I don't understand why that would speed up an iPad unless a TRIM command is also issued to the now unused data.

Check out the wiki article i posted.
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Old Jul 31, 2013, 06:17 PM   #11
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I don't understand why that would speed up an iPad unless a TRIM command is also issued to the now unused data.

Check out the wiki article i posted.
Just read it, and saw this:

Although tools to "reset" some drives to a fresh state were already available before the introduction of TRIM, they also delete all data on the drive, which makes them impractical to use for ongoing optimization.[4] More recent SSDs will often contain internal idle/background garbage collection mechanisms that work independently of TRIM; although this successfully maintains their performance even under operating systems that do not (yet) support TRIM, it has the associated drawbacks of increased write amplification and wear of the flash cells.[5]
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Old Jul 31, 2013, 07:19 PM   #12
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Just read it, and saw this:

Although tools to "reset" some drives to a fresh state were already available before the introduction of TRIM, they also delete all data on the drive, which makes them impractical to use for ongoing optimization.[4] More recent SSDs will often contain internal idle/background garbage collection mechanisms that work independently of TRIM; although this successfully maintains their performance even under operating systems that do not (yet) support TRIM, it has the associated drawbacks of increased write amplification and wear of the flash cells.[5]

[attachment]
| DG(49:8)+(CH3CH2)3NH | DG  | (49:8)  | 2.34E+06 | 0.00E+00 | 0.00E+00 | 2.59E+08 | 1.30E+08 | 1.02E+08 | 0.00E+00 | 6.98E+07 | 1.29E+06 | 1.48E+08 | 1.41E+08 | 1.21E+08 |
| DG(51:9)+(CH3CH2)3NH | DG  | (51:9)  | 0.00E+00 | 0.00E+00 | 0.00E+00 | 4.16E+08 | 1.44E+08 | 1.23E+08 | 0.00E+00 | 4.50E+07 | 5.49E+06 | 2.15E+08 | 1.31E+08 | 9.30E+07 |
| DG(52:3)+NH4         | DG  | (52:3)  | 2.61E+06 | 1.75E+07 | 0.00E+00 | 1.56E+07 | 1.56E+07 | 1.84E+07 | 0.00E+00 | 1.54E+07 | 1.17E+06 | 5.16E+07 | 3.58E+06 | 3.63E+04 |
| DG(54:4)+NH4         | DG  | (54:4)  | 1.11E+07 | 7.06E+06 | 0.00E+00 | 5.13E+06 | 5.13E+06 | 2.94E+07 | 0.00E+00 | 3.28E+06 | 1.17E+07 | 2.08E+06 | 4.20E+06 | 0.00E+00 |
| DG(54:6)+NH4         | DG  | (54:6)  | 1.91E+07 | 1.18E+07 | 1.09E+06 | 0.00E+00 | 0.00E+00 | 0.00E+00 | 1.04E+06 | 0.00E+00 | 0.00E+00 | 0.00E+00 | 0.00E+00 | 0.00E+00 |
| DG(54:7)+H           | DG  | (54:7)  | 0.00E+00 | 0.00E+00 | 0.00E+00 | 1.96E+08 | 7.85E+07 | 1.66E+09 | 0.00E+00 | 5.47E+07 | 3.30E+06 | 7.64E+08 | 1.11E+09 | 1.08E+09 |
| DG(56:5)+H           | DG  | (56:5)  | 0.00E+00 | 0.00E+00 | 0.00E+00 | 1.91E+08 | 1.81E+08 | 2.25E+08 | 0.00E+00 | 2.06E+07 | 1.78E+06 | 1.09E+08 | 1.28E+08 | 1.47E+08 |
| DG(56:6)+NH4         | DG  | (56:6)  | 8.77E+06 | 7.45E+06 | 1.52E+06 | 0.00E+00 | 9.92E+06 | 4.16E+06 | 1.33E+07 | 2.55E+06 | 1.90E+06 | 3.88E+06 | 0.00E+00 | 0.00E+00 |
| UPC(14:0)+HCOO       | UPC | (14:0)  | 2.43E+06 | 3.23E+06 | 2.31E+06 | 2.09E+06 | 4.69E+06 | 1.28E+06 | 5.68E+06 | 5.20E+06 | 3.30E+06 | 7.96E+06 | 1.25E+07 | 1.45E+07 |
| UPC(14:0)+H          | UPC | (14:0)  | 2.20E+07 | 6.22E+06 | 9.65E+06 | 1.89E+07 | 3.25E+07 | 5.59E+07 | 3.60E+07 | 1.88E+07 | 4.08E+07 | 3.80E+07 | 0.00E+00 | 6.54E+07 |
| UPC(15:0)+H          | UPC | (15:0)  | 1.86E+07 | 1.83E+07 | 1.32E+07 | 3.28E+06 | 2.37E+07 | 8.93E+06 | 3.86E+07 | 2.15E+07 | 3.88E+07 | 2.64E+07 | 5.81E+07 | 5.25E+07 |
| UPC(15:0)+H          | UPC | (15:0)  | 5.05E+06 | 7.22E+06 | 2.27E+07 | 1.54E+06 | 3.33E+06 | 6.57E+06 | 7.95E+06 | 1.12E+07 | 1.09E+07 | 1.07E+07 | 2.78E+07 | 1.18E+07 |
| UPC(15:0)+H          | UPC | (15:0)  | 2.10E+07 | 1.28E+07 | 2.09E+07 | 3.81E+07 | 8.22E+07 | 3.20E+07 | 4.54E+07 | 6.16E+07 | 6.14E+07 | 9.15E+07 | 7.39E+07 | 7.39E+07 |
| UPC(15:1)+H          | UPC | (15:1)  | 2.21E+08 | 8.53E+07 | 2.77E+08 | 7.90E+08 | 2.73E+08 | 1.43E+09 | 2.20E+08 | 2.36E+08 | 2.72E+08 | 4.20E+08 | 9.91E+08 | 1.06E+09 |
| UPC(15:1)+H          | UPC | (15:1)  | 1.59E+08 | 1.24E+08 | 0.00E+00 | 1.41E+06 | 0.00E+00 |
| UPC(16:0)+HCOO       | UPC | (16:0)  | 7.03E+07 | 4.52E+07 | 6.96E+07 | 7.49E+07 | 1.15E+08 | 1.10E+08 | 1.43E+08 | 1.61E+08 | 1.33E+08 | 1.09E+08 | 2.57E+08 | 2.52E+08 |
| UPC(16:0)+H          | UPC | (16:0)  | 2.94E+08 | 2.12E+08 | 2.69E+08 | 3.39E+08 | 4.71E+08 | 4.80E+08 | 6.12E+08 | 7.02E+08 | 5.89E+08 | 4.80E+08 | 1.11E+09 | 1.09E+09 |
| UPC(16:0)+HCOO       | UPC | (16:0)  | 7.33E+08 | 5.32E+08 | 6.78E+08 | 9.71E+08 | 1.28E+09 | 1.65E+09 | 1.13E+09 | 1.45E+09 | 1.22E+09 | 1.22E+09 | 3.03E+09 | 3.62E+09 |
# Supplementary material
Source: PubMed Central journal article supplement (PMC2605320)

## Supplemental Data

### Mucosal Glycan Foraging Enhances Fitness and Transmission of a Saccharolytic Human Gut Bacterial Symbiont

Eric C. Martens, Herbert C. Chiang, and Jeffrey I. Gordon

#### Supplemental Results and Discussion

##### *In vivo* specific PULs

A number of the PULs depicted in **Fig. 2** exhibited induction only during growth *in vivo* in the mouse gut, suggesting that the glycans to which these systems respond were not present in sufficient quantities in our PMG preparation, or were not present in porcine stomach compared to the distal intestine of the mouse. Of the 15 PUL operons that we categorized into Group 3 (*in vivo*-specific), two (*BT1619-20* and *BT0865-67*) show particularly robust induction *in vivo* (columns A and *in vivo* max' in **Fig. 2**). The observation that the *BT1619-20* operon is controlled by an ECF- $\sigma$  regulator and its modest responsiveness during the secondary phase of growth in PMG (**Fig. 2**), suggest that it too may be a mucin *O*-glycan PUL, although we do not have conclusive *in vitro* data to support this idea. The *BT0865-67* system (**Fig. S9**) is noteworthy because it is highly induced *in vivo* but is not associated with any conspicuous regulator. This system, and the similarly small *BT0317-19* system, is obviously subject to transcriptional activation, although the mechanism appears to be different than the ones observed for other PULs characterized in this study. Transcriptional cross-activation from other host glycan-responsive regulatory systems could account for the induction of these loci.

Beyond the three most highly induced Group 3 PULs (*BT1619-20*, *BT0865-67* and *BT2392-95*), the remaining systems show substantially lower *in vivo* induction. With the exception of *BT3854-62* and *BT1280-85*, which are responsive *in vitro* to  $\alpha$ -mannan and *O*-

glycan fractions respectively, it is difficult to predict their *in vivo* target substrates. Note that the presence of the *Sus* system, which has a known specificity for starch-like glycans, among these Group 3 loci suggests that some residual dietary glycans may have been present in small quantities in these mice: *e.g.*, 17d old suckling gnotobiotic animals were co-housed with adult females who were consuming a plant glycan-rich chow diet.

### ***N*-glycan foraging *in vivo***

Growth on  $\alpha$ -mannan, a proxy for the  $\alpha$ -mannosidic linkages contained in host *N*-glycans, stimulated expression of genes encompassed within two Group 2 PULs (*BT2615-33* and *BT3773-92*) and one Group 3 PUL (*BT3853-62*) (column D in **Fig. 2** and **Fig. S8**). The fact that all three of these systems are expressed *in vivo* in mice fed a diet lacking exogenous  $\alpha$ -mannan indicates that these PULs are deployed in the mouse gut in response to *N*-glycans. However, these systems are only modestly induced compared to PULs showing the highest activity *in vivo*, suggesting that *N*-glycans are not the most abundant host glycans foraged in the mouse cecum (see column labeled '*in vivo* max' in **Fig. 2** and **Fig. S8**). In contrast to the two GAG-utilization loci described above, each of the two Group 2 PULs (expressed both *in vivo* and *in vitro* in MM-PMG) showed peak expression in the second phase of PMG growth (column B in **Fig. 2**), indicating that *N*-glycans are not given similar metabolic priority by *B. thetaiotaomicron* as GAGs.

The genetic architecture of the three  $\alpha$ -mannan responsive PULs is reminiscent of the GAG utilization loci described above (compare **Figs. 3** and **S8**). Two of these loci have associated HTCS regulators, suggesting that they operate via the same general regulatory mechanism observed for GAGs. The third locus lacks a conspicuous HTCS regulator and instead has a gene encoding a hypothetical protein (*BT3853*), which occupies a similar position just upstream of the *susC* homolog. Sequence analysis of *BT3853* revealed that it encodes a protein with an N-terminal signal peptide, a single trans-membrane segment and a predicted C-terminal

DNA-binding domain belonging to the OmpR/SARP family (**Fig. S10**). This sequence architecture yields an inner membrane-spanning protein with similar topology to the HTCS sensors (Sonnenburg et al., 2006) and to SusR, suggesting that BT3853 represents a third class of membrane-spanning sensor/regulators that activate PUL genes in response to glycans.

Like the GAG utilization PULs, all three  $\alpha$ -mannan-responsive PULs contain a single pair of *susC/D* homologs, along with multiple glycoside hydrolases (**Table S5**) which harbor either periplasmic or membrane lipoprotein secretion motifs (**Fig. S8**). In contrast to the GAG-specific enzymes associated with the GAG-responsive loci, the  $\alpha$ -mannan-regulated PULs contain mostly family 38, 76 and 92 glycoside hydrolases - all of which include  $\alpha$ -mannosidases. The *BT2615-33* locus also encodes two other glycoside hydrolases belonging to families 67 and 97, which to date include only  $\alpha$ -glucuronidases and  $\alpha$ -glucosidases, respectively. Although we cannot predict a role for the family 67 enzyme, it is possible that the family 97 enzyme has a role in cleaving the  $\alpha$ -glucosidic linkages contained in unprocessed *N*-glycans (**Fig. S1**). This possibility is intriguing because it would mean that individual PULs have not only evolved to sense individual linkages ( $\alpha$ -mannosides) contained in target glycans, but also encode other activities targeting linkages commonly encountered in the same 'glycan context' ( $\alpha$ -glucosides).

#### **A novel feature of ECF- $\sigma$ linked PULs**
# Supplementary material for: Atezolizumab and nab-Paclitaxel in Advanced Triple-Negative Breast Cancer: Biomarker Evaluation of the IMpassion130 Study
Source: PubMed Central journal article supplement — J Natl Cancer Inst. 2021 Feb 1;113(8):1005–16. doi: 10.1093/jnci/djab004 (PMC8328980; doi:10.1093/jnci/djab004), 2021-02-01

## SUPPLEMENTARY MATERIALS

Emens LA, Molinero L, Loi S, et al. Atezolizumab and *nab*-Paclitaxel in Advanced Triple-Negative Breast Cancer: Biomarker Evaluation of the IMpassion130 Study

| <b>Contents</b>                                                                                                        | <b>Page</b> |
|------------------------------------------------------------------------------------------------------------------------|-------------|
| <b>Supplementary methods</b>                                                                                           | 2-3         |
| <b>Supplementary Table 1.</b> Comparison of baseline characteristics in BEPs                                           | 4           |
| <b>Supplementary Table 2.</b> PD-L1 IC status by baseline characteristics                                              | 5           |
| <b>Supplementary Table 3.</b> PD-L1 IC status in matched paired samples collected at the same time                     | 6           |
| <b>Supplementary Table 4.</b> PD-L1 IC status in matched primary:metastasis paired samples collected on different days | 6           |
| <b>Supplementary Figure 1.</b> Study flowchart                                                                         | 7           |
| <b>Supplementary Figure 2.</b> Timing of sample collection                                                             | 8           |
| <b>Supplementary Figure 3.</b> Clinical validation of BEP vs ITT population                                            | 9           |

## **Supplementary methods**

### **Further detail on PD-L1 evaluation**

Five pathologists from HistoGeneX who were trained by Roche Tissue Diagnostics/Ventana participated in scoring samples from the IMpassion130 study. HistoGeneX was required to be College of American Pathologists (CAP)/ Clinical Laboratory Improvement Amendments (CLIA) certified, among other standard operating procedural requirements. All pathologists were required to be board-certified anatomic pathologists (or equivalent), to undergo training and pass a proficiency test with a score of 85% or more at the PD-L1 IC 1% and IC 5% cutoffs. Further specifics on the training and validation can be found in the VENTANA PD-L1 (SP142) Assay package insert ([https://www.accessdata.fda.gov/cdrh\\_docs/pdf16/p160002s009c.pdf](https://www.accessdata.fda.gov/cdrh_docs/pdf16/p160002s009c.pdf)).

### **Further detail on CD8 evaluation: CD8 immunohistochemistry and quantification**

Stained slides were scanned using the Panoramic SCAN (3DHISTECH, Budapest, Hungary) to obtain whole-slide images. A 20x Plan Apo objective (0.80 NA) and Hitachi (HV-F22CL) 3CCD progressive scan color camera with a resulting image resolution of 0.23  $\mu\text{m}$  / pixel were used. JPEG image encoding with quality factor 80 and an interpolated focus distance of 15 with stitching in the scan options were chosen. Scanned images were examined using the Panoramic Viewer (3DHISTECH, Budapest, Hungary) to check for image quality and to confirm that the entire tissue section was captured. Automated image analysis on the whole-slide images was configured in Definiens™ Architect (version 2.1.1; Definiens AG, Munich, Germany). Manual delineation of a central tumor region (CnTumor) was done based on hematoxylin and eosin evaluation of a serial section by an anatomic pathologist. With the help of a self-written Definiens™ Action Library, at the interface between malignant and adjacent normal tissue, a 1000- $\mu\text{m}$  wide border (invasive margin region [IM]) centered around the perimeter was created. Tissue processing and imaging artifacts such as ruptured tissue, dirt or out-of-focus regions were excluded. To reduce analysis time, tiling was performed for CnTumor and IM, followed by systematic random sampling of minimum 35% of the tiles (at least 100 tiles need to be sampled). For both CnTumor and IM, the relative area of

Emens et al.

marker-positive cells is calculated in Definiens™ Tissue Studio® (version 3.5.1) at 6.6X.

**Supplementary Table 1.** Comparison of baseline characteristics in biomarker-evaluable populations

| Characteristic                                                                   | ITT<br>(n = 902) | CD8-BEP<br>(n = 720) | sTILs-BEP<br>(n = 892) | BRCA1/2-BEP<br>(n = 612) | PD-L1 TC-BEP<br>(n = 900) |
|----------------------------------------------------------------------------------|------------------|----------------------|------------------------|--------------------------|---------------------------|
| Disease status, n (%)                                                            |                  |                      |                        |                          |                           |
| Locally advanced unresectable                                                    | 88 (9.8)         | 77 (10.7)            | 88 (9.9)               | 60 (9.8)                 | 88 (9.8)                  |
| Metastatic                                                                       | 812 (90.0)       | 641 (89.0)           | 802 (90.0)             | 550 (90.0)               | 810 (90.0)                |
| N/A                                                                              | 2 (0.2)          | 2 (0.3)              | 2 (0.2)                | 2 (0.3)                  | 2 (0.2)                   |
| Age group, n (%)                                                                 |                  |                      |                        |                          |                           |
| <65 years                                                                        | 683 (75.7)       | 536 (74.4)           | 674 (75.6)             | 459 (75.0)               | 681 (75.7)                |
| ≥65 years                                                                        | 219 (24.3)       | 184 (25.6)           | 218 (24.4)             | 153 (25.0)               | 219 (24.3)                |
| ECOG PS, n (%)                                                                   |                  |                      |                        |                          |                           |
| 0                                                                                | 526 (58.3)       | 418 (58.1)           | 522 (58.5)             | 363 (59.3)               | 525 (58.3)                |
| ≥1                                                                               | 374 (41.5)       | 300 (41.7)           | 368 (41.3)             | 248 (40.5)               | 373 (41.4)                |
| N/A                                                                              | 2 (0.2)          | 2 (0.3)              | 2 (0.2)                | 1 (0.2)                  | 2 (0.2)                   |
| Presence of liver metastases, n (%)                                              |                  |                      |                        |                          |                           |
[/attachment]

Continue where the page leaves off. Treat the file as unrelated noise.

Clearing cache data such as browsing history doesn't "delete all data on the drive." So, if doing such things does help to increase tablet performance, I'd guess the eMMC has internal garbage collection.

All iPads use Hynix brand eMMC, right? Same brand is used in many other tablets, including both the new and old Nexus 7. But, N7s require TRIM commands...

I suppose it is possible that only certain Hynix modules feature garbage collection.

*edit*

http://skhms.com/technology/flash/

There is mention of garbage collection at the firmware level. No mention if it is implemented in all or some modules. Maybe it works by default unless the OS overrides trim/garbage collection?

Last edited by Quantus; Jul 31, 2013 at 08:13 PM.
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Old Aug 1, 2013, 05:36 PM   #13
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Who cares if it supports TRIM or not. The important thing is that the iPad doesn't get sluggish over time for whatever reason.
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Old Aug 1, 2013, 06:07 PM   #14
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Who cares if it supports TRIM or not. The important thing is that the iPad doesn't get sluggish over time for whatever reason.
Exactly, it's like needing DEFRAG for Windows. Linux and OS X are different and don't require manual drive optimization.
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Old Aug 1, 2013, 09:45 PM   #15
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Who cares if it supports TRIM or not. The important thing is that the iPad doesn't get sluggish over time for whatever reason.
I am curious, that's all.

iPads might not be immune to sluggishness but merely more resistant. I.e., what takes 6 months on a nexus 7 may take 3 years on an iPad.